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Data protection and privacy FAQs
In the UK, the main legislation governing the collection, processing and distribution of personal data is the Data Protection Act 2018 (the DPA) which is enforced by the Information Commissioner's Office (ICO). The DPA is the legislation that implements the UK General Data Protection Regulations (the GDPR).
Personal data is information relating to individuals who can be personally identified from that data (on its own or with other data held). Personal data can be held electronically or physically and includes names, addresses (including email addresses), dates of birth and online identifiers (eg IP addresses).
There is a further 'special category' of personal data which is subject to more restrictions. Special categories of personal data include information about racial or ethnic origin, sexual life and physical or mental health or condition.
For more information, read Data protection.
You have certain rights relating to data held about you, including:
the right to access your data and be informed about how your data is being processed
the right to have your data rectified if it's inaccurate or incomplete
the right to object to the processing
the right to have your data erased in certain circumstances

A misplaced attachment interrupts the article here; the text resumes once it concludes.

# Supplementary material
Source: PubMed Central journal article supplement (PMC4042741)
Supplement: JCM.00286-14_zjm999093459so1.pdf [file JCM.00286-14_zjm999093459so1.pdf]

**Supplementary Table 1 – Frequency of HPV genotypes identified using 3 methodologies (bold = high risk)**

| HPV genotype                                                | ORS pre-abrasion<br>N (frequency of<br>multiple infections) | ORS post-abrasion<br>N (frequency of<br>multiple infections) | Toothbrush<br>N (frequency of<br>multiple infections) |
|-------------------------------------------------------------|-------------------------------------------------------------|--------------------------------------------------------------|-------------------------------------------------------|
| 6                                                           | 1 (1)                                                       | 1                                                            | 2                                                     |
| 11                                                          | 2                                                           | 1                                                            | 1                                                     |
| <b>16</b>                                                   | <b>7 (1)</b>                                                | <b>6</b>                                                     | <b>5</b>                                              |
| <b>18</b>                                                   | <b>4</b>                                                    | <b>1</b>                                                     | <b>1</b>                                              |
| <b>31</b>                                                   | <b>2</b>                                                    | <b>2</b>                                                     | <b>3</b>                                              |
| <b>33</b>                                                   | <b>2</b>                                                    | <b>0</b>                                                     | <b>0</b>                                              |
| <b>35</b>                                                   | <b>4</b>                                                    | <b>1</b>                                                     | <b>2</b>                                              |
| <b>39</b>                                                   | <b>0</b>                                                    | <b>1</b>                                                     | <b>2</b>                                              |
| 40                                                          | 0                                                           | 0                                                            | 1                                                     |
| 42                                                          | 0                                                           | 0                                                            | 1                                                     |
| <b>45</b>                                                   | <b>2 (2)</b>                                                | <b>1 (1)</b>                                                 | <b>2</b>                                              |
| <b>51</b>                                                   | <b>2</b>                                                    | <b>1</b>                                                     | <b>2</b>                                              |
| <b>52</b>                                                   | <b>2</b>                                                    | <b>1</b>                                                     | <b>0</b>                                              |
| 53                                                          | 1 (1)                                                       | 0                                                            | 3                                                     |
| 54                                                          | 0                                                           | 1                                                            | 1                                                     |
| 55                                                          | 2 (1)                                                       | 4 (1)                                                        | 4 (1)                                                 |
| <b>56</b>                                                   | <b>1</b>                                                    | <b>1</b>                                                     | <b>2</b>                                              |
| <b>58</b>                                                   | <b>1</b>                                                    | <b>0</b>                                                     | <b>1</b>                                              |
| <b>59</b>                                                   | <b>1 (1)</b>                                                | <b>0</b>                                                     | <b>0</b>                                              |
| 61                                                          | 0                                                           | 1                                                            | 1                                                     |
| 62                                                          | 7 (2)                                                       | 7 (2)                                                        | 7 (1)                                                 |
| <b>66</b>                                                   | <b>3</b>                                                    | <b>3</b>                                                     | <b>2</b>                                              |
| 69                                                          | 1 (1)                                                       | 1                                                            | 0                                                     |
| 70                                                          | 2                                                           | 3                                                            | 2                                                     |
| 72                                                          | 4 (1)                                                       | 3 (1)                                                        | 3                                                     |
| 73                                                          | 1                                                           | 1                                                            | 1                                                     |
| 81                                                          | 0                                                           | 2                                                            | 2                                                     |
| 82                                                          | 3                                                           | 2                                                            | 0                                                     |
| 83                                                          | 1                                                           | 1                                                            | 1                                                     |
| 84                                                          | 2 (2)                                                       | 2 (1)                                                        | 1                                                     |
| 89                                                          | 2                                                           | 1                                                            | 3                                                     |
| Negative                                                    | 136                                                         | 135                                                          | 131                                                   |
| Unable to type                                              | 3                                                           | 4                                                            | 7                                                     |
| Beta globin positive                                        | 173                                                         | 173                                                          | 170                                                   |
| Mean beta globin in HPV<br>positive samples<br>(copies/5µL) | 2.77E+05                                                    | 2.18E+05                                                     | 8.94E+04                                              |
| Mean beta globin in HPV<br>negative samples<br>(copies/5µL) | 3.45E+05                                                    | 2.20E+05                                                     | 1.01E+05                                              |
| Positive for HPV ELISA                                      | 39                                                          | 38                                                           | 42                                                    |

For more information, read Data protection requests.
Under section 45 of the DPA, individuals can make subject access requests (also known as ‘SARs’ or ‘data protection requests’) to businesses and other organisations that hold their personal data. A SAR is a written request to a company or organisation asking for access to the personal information it holds on you and can be made to find out a variety of things, including:
details of the personal data that is being processed (ie a copy of the data)
the reasons why this data is being processed
how this data was sourced (if available)
which other organisations or individuals have access to the data
For more information, read Making data subject access requests.
Under article 16 of the GDPR, individuals have the ‘right to rectification’, allowing them to request that any inaccurate personal data held by businesses or other organisations about them is corrected. If the data is incomplete, individuals can also request that organisations add more information.
Making a request for data rectification can be made verbally or in writing, clearly stating that the accuracy of the data is being challenged and should be corrected and, where possible, providing evidence of the inaccuracy.
For more information, read Data rectification requests.
Under article 21 of the GDPR, individuals have the right to object to organisations processing their personal data. This effectively means that organisations can be stopped or prevented from using an individual’s data.
The right to object depends on the organisation’s purpose and lawful grounds for processing and an objection can typically only be made if data is used for:
direct marketing purposes
statistical purposes or scientific or historical research
tasks carried out that are in the public interest
the exercise of official authority
the organisation’s legitimate interest
For more information, read Objecting to the use of personal data.